¶4 We are not willing to state that the weight of the evidence clearly discloses a lack of mental capacity in the grantor.

¶5 It is next argued that the case is clearly one of undue influence and that the conveyance 'should have been avoided for this reason. The evidence in the case shows that the grantor had another living daughter, the plaintiff Irene Antle. The conveyance was without consideration other than love and affection and perhaps appreciation for care and filial attention. The conveyance was of all the property of substantial value. Under these circumstances the law requires that the court should closely scrutinize anything done by the grantees to secure the deed in question, and the burden is. on the grantees to overcome the presumption that the gift was secured through undue influence. As stated in Broeker v. Day, supra, not all influences will avoid a deed. Influences which arise out of the affection, confidence, and gratitude of a parent to a child and inspire a gift are natural and lawful influnces and will not render such a gift voidable. It is only when influences have been such as to confuse the judgment and control the will of the grantor that they become undue influences. If the act done is not the act of the grantor, but is simply carrying out the will of the grantees, the undue and unlawful influence will cause equity to avoid the acts done on account thereof. Hacker v. Hoover, 89 Neb. 317, 131 N.W. 734; Gibson v. Hammang, 63 Neb. 349, 88 N.W. 500; and Brugman v. Brugman, supra. In this case there is a total lack of evidence of any urging or importuning. The defendant Katie Hartman had cared for the grantor a number of years. Plaintiff, through circumstances carrying no reflection upon her whatever as a dutiful daughter, was forced to live away from the mother. To avoid the natural acts of an appreciative parent under these circumstances would be most unnatural. See, in this connection, In re Jones' Estate, 190 Okla. 123, 121 P.2d 574. Undue influence cannot be established by merely showing an opportunity for its exercise. Sporn V. Herndon, 190 Okla. 149, 121 P.2d 602; Canfield v. Canfield, 167 Okla. 590, 31 P.2d 152. The notary who took the acknowledgment to the deed at the time of its execution stated that when he was requested to go to the home of the defendants for the execution of the deed he requested that a competent physician be present for the reason that he knew the extreme age and physical condition of the grantor. This relieves this evidence of any suggestion that it was the intention of the defendant Katie Hartman to guarantee against any question of undue influence in the execution of the deed.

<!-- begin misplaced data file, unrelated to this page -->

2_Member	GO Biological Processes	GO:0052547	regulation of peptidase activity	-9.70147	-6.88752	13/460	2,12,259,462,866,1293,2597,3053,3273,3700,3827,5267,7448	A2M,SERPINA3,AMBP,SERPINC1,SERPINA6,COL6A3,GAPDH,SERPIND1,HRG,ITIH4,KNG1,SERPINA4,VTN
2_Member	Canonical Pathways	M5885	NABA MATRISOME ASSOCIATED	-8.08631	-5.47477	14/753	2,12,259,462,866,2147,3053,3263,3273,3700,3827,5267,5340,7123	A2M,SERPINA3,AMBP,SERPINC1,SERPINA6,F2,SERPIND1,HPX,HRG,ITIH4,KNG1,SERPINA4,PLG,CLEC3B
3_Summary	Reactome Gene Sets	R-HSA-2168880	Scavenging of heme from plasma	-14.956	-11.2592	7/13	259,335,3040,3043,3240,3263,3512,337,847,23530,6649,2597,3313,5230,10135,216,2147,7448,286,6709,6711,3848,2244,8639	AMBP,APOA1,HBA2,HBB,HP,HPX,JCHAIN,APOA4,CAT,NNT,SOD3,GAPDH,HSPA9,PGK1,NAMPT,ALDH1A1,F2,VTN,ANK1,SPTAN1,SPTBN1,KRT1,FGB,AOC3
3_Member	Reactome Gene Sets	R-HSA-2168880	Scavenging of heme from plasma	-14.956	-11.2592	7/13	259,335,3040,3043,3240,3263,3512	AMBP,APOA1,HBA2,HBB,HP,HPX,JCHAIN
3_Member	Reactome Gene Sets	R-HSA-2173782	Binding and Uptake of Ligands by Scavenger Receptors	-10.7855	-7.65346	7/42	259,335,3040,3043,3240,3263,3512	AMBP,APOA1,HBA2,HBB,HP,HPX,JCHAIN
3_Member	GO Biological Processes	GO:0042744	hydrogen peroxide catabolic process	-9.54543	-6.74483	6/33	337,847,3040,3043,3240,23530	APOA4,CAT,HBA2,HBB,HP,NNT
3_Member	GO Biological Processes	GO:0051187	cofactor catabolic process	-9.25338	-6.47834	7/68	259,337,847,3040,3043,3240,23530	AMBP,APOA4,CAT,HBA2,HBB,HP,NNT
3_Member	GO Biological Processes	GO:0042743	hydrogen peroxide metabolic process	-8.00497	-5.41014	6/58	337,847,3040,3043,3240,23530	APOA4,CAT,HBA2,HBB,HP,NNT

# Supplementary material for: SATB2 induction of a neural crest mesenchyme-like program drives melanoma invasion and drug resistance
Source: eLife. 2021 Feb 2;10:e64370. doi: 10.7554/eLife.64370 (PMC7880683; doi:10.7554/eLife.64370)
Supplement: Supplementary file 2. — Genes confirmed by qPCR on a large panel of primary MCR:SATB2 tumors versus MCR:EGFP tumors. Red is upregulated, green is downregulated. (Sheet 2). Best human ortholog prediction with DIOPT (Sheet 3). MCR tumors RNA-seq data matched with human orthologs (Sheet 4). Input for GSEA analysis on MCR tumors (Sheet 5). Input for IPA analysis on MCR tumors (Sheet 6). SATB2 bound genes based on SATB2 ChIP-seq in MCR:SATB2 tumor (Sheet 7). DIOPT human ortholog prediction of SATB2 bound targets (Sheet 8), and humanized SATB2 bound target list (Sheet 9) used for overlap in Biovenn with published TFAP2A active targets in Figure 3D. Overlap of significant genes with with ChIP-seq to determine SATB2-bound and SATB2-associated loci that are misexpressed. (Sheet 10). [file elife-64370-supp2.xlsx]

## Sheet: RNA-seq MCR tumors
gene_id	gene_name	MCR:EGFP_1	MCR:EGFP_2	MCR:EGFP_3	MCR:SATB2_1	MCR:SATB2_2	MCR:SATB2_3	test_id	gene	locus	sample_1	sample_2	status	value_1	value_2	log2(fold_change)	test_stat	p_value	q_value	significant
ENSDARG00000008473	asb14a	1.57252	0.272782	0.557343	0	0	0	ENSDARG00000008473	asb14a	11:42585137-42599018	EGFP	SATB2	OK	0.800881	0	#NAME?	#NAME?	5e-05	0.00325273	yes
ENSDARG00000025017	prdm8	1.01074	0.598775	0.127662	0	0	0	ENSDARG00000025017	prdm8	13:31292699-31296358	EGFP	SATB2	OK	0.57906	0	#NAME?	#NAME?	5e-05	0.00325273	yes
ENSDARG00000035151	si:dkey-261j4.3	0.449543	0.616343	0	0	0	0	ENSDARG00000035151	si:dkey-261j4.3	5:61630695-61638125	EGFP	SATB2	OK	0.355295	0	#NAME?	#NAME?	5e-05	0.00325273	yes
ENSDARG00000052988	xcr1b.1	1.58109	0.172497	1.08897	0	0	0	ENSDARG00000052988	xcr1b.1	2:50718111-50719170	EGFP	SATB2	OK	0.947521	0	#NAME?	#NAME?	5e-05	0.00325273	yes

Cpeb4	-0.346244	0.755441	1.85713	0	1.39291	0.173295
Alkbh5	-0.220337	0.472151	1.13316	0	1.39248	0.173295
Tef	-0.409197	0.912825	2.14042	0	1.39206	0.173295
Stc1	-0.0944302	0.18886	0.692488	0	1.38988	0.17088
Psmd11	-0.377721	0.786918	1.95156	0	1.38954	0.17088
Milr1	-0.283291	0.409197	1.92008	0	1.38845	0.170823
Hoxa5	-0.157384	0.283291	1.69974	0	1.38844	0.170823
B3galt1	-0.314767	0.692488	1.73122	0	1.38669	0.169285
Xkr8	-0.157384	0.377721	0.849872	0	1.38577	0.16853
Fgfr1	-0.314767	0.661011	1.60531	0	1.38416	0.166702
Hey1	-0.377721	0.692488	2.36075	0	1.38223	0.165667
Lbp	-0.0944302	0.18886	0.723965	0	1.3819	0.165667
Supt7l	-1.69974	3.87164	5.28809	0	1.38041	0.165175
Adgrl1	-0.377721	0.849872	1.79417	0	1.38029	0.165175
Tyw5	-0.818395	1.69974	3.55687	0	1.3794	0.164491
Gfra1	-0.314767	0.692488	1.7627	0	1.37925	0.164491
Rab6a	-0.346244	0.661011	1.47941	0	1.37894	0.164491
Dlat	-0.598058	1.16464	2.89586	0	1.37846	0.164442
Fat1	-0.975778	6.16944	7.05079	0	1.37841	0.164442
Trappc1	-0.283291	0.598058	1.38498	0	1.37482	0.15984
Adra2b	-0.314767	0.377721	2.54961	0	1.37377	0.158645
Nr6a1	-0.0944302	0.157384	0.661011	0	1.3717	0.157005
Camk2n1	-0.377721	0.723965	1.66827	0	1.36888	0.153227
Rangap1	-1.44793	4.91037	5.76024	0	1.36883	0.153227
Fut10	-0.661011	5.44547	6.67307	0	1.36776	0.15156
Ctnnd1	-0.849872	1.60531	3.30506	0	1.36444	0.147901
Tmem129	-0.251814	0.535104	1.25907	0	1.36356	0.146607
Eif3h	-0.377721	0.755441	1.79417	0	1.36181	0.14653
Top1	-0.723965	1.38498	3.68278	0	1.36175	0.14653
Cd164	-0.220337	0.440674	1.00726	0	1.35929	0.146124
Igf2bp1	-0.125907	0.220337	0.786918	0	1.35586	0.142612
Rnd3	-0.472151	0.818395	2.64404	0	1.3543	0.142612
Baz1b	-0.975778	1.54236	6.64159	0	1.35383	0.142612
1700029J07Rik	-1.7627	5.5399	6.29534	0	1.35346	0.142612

¶6 After a review of all of the evidence, we are of the opinion, and hold, that the judgment is correct.

¶7 Judgment affirmed.